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Personally I think its worth spending a weekend figuring out a strategy to use and taking at least part of the free practice CASPER test to get a feel for what to expect. There are lots of guides on this forum which are solid, and that personally I found helpful. The main thing is if you type at less than ~50 wpm now would be a good time to start practicing increasing your typing speed.

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What I would NOT do is pay hundreds/thousands of dollars to "prep" for it. The fact that there are companies who are willing to prey on your fears and insecurities to sell you information that is, for the most part, publicly available and to "mark" your responses when no one actually knows the marking guideline (and if they did, I'm sure it would be protected by NDAs). This process is already stressful and expensive enough without having people making both aspects worse. I get they want to make a living but their marketing is horrible. 

My advice would be to spend time making a prep document focusing on two aspects: 

1. Questions about YOU

2. Questions about scenarios

For questions about you what you will want to do is consider your motivations, "Why Medicine", all those kind of standard interview questions. You should also have a list of your activities/life experiences and try pulling examples from each that may be relevant to questions. You'll get better at this once you actually do questions. I would also have stories for CANMEDs roles since it's a decent framework for them to ask about. The idea is that you won't spend any of your time thinking about which example to apply, but how to apply your answer. It also helps to be good at storytelling here, only share essential details and stories where you did the right thing.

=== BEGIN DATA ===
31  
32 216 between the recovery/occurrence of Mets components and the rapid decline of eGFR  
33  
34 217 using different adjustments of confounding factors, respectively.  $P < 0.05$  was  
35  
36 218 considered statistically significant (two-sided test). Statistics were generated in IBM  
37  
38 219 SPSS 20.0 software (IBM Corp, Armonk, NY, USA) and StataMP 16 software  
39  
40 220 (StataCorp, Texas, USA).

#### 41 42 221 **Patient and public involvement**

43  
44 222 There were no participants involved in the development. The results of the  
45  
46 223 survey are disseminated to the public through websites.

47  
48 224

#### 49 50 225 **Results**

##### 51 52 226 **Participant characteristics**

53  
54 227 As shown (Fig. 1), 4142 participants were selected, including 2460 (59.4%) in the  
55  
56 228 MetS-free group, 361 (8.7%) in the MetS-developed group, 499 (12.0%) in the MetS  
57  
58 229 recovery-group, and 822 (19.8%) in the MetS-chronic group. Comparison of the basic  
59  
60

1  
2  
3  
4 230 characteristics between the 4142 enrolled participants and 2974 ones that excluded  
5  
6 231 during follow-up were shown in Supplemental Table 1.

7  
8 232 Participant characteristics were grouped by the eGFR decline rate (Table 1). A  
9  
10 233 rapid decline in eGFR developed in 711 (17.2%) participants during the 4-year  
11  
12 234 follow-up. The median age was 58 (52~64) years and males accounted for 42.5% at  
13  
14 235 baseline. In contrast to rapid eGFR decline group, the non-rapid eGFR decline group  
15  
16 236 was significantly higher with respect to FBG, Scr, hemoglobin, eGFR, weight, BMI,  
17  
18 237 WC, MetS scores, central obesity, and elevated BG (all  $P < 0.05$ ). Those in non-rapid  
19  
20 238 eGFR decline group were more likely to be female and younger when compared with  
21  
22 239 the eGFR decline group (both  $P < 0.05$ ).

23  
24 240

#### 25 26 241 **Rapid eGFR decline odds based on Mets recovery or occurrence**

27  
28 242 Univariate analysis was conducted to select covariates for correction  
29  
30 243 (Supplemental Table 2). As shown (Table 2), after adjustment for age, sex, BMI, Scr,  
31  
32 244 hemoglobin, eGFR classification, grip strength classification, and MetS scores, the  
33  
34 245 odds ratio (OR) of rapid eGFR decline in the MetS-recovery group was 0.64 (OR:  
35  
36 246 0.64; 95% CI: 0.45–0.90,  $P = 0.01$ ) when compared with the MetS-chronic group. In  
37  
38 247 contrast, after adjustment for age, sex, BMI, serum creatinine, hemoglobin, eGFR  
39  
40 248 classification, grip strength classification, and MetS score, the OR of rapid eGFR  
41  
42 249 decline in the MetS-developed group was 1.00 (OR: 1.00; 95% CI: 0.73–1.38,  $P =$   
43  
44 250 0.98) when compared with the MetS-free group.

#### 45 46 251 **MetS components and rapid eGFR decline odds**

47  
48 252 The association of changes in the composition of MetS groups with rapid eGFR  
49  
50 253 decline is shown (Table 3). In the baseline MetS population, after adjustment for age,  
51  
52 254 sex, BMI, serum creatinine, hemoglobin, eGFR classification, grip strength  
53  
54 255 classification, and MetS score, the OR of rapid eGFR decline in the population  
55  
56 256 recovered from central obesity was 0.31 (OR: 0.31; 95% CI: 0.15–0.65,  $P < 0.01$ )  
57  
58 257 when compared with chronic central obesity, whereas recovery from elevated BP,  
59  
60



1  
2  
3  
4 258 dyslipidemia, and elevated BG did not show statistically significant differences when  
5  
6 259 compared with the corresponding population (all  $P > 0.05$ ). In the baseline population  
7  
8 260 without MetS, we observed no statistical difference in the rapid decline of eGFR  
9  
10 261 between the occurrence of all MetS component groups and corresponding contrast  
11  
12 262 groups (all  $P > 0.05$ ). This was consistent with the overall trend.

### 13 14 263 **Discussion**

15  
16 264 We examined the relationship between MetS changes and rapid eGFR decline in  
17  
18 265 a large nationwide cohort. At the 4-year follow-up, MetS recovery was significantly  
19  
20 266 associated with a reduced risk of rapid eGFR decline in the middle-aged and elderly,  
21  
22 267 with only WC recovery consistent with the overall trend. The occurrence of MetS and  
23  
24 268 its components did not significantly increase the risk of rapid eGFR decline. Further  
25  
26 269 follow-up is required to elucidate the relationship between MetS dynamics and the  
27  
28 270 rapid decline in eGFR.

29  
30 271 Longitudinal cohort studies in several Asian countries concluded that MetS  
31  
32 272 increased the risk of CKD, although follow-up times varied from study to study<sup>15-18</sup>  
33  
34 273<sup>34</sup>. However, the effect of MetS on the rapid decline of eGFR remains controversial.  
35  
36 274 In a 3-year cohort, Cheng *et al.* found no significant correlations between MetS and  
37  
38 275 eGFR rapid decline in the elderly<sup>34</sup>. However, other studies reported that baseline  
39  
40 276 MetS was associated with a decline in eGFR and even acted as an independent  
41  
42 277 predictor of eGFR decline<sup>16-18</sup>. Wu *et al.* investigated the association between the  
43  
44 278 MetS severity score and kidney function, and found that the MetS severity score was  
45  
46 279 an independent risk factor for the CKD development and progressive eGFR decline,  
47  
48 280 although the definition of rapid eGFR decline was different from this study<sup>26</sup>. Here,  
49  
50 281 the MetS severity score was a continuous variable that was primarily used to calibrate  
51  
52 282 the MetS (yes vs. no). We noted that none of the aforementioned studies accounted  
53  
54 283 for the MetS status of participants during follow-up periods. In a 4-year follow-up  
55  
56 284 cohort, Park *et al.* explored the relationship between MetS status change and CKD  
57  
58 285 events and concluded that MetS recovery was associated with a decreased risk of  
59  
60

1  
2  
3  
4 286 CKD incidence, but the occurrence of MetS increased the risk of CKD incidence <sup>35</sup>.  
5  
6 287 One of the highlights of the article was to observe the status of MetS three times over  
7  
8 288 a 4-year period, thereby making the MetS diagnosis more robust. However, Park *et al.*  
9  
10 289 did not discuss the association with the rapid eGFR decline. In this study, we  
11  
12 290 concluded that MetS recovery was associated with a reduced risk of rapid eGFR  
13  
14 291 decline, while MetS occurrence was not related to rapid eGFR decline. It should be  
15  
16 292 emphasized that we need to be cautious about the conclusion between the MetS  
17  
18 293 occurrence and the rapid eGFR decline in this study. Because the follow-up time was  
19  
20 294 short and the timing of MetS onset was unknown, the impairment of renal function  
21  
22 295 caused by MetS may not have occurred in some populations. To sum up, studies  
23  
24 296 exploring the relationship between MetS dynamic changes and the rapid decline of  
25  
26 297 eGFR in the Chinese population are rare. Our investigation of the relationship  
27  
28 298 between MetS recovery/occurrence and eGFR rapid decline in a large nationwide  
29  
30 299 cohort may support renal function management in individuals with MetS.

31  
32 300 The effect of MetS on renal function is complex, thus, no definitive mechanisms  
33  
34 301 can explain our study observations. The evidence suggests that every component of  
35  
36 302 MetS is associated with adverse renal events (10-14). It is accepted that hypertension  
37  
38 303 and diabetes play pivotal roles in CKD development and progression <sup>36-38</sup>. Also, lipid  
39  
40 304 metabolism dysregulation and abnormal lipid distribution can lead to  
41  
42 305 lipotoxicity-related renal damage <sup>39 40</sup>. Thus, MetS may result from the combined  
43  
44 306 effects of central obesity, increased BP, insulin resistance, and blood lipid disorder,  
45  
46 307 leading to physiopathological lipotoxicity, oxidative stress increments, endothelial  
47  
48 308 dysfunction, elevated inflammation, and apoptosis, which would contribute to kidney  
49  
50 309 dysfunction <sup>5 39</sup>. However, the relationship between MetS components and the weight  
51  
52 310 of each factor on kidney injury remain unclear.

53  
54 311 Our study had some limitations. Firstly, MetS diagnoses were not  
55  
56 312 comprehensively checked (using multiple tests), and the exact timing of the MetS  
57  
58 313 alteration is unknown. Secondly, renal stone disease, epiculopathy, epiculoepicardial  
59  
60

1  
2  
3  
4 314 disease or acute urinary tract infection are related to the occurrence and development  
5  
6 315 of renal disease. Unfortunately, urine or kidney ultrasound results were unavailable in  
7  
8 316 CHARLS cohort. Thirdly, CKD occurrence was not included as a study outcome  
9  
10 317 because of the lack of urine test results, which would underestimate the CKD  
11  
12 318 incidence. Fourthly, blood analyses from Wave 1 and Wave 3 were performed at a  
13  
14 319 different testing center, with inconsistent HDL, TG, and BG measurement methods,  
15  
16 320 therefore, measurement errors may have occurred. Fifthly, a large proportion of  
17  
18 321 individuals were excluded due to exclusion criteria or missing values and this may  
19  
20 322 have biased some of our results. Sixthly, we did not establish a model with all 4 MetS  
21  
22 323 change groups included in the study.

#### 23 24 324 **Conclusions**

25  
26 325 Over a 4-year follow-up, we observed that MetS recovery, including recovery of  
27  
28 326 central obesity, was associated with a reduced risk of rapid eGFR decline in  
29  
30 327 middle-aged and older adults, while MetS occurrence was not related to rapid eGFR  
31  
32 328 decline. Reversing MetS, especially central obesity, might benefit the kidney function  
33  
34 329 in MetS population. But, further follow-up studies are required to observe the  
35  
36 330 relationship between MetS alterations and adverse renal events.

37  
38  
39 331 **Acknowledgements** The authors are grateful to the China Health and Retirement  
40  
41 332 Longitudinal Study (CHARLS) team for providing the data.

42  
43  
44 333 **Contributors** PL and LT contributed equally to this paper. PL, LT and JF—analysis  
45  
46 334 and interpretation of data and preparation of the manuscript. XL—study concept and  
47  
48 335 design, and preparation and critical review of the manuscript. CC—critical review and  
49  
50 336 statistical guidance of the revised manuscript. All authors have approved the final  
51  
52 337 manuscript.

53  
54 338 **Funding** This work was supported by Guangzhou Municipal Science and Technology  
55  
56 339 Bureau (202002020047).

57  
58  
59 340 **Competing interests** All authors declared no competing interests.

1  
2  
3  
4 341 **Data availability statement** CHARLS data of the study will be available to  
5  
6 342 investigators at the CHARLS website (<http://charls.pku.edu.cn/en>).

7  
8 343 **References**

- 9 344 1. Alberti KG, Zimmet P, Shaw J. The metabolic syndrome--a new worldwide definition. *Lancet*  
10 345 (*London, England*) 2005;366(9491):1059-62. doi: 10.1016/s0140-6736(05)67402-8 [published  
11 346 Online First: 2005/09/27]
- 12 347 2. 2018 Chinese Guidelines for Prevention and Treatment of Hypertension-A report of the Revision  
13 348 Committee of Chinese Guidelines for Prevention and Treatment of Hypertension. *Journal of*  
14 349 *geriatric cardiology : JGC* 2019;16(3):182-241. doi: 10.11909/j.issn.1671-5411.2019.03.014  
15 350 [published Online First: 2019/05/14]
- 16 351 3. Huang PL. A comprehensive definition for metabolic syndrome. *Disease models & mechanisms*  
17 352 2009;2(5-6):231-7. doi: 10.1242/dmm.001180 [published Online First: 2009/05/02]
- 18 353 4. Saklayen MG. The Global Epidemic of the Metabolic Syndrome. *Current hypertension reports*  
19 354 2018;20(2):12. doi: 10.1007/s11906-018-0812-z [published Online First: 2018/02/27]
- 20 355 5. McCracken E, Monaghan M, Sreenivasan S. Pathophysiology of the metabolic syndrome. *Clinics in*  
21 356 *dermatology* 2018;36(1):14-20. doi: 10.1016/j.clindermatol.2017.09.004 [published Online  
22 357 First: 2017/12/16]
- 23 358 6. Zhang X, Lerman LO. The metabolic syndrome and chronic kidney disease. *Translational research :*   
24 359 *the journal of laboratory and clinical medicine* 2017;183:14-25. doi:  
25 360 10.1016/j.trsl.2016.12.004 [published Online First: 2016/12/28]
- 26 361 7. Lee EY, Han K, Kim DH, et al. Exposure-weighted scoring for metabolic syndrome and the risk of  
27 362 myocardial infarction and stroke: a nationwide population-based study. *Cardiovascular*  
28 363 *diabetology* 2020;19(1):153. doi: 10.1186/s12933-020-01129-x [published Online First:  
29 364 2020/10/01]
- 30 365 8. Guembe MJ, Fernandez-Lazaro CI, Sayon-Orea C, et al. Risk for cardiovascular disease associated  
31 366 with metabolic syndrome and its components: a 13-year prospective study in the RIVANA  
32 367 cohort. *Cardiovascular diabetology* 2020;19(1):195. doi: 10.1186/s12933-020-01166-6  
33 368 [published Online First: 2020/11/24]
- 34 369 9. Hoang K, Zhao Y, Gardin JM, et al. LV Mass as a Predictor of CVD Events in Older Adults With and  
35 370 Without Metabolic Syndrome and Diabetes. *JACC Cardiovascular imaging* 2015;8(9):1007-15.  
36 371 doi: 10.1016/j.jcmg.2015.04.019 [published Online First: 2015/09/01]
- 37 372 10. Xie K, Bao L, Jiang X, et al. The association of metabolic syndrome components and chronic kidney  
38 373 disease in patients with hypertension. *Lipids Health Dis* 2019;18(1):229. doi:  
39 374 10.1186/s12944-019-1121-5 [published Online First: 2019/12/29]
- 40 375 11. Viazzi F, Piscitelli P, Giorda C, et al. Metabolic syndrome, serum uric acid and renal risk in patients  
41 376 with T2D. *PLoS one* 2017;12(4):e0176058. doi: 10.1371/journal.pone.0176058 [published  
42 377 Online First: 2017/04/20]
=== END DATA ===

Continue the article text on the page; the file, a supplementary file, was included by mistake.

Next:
For questions about scenarios find lists of questions for CASPer or interviews (which CASPer is trying to emulate) and practice typing to them in a Google Doc with a timer to get a sense of your timing. I would caution against becoming too formulaic. Think of it this way, if everyone's answers are a "If/then" structure the one prep company loves, how does that make it easier for you to stand out? At the same time, here a cheap prep book made by a company I refuse to name for their predatory practices and spaming would be helpful (it even showed up in Ottawa's interview video, leading to murmured whispering in my tour group), but you'll find it easily enough. Doing Right is overkill, so long as you understand the basics of ethics you're fine. Most people have some instinctive understanding anyway of what they should do and not do. 

Once you start practicing have someone knowledgeable and experienced (usually not fellow premeds) to look over your responses and give feedback. Ask them to write a few practice questions first (if you can) so they don't nitpick on how long your answers are and understand the difficulty of putting down words in a 5 minute limit. People who have marked CASPer before have made it clear that you should attempt every question, so make sure you get good at cutting yourself off and moving on. 

The big thing you can do is be able to type >100 WPM while thinking, which is probably the most valuable skill since how are you going to adequately explore an issue in-depth if you can only get down 50 words per box? At the same time, the solution isn't to simply throw down as many words as possible, since you are marked on your communication skills. You'll get better with practice (See a theme). Finally, there's a leaked PPT presentation on here somewhere that has more details on the scoring system (nothing revolutionary though). I would also advise reading through the CASPer guides here. 

Your amount of prep time/resources isn't really the limiting factor here. I only practiced 40-50 minutes a day over my lunch break and more on weekends and did just fine (Mac/Ottawa interviews) without paying more than $5. 

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58 minutes ago, MedicineLCS said: